“My whole thing is that I really like the governor using the idea of people sitting around the kitchen table talking about their budget,” said Marty. “I like the idea of our state as family. But I think Tim Pawlenty ought to listen to how real Minnesota families talk. I don’t think when there’s a crisis that real families push their weakest members out the door.”
Though the DFL plan doesn’t call for as deep of human service cuts as the governor seeks, the cuts are still there.
As for the education cuts seemingly proposed by DFL leadership?
Pogemiller, as great a friend as public education ever has had at the Capitol, has been talking about the need for K-12 cuts for weeks. But most, including DFL House leaders, believe it’s all a ruse. Pogemiller, they say, is expecting Minnesotans will rise up and demand that the state maintain education funding at its current levels and use $650 million in federal money, not as backfill, but as a genuine increase in K-12 spending.
But Sen. Terri Bonoff, DFL-Minnetonka, doubts that.
“The issues we’re facing are too serious for shell games,” she said, adding that the broad proposals made Thursday are just the beginning of a process that’s going to get muddier before it gets clearer.
Leadership still avoiding actual use of word ‘taxes’
Perhaps the most amusing thing about the broad budget outline proposed by the DFL Senate leadership Thursday was the fact leaders still did NOT use the word “tax increases.” Instead, they talked of $2 billion in “new revenue.”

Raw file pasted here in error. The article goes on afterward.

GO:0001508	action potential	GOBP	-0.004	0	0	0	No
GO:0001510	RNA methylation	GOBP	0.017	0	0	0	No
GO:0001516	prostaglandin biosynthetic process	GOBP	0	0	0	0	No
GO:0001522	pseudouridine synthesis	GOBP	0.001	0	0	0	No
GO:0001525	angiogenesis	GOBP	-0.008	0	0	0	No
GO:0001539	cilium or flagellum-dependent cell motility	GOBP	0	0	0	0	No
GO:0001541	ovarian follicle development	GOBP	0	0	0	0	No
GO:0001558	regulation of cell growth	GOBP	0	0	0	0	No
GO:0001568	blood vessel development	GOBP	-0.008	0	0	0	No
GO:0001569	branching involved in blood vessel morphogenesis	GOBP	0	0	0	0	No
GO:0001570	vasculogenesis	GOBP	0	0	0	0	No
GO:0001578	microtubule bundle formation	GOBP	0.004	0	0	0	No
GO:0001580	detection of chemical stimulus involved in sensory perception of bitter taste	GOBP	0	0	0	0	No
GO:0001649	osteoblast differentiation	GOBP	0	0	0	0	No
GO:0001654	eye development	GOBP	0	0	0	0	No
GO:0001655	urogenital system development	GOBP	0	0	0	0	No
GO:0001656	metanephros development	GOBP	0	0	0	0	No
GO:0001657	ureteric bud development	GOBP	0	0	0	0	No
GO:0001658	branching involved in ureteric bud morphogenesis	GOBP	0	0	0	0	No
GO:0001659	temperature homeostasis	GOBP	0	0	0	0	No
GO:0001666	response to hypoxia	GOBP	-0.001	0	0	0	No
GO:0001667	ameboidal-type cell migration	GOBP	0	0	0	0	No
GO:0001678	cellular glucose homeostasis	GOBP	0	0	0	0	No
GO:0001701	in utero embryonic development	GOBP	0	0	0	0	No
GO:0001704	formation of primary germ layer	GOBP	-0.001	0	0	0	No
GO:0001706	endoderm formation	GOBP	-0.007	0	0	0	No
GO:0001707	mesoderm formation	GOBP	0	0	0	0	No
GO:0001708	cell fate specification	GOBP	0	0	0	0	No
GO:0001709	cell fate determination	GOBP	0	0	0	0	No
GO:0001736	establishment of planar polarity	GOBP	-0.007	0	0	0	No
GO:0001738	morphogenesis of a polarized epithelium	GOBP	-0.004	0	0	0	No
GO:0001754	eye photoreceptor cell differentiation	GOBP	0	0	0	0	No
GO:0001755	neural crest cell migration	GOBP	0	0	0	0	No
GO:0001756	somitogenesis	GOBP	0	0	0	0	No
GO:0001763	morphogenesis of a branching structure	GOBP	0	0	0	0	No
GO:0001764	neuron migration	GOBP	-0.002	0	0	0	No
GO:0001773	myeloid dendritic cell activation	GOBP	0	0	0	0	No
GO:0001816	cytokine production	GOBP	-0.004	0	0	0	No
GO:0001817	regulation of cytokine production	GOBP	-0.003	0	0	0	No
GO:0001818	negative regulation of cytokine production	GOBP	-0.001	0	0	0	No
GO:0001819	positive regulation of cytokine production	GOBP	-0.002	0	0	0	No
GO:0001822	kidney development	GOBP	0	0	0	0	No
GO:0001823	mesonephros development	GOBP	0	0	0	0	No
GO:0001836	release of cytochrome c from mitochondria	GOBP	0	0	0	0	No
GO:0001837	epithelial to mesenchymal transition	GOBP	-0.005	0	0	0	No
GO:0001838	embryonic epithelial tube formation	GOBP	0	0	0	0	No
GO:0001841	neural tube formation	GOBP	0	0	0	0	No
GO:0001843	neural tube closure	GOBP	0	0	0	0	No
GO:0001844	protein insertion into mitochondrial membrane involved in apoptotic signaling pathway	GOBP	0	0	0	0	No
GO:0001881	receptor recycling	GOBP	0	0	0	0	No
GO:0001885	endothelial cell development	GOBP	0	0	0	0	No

But tax proposals are beginning to be heard.
For example, earlier this week, Sen. Ann Rest, DFL-New Hope, made what likely could be the first serious tax proposal.
Part of Rest’s plan was aimed directly at raising revenue. She’s calling for a “fourth tier” for the state income tax code, which she says would affect only 54,000 taxpaying households, in which income of a married couple amounts to more than $250,000. That small group would see an increase of their tax rate from 7.85 per cent to 8.75 per cent, creating $200 million for the starving general fund.
Additionally, Rest is proposing a two-pronged, “revenue-neutral” tax change. She would slowly decrease corporate taxes, which Pawlenty also wants to do. But under Rest’s plan, the state’s sales tax would be broadened to include clothing and such services as fees for attorneys and accountants. At the same time she proposes broadening the sales tax, she would lower the rate from 6.5 percent to either 6 percent, or even 5.5 percent. Low-income people, by the way, would get a credit on the sales tax broadening.
The sales tax broadening has not been greeted warmly by her colleagues.
“People have an emotional attachment to keeping the tax off food and clothing,” she said. “I have it on food.”
The intent of her proposals, she said, is to “rebalance” the system, give it more stability and predictability than it currently has.
But is there “fairness” in her proposal?
Fairness is going to be a huge issue, at least in the next few weeks of this session.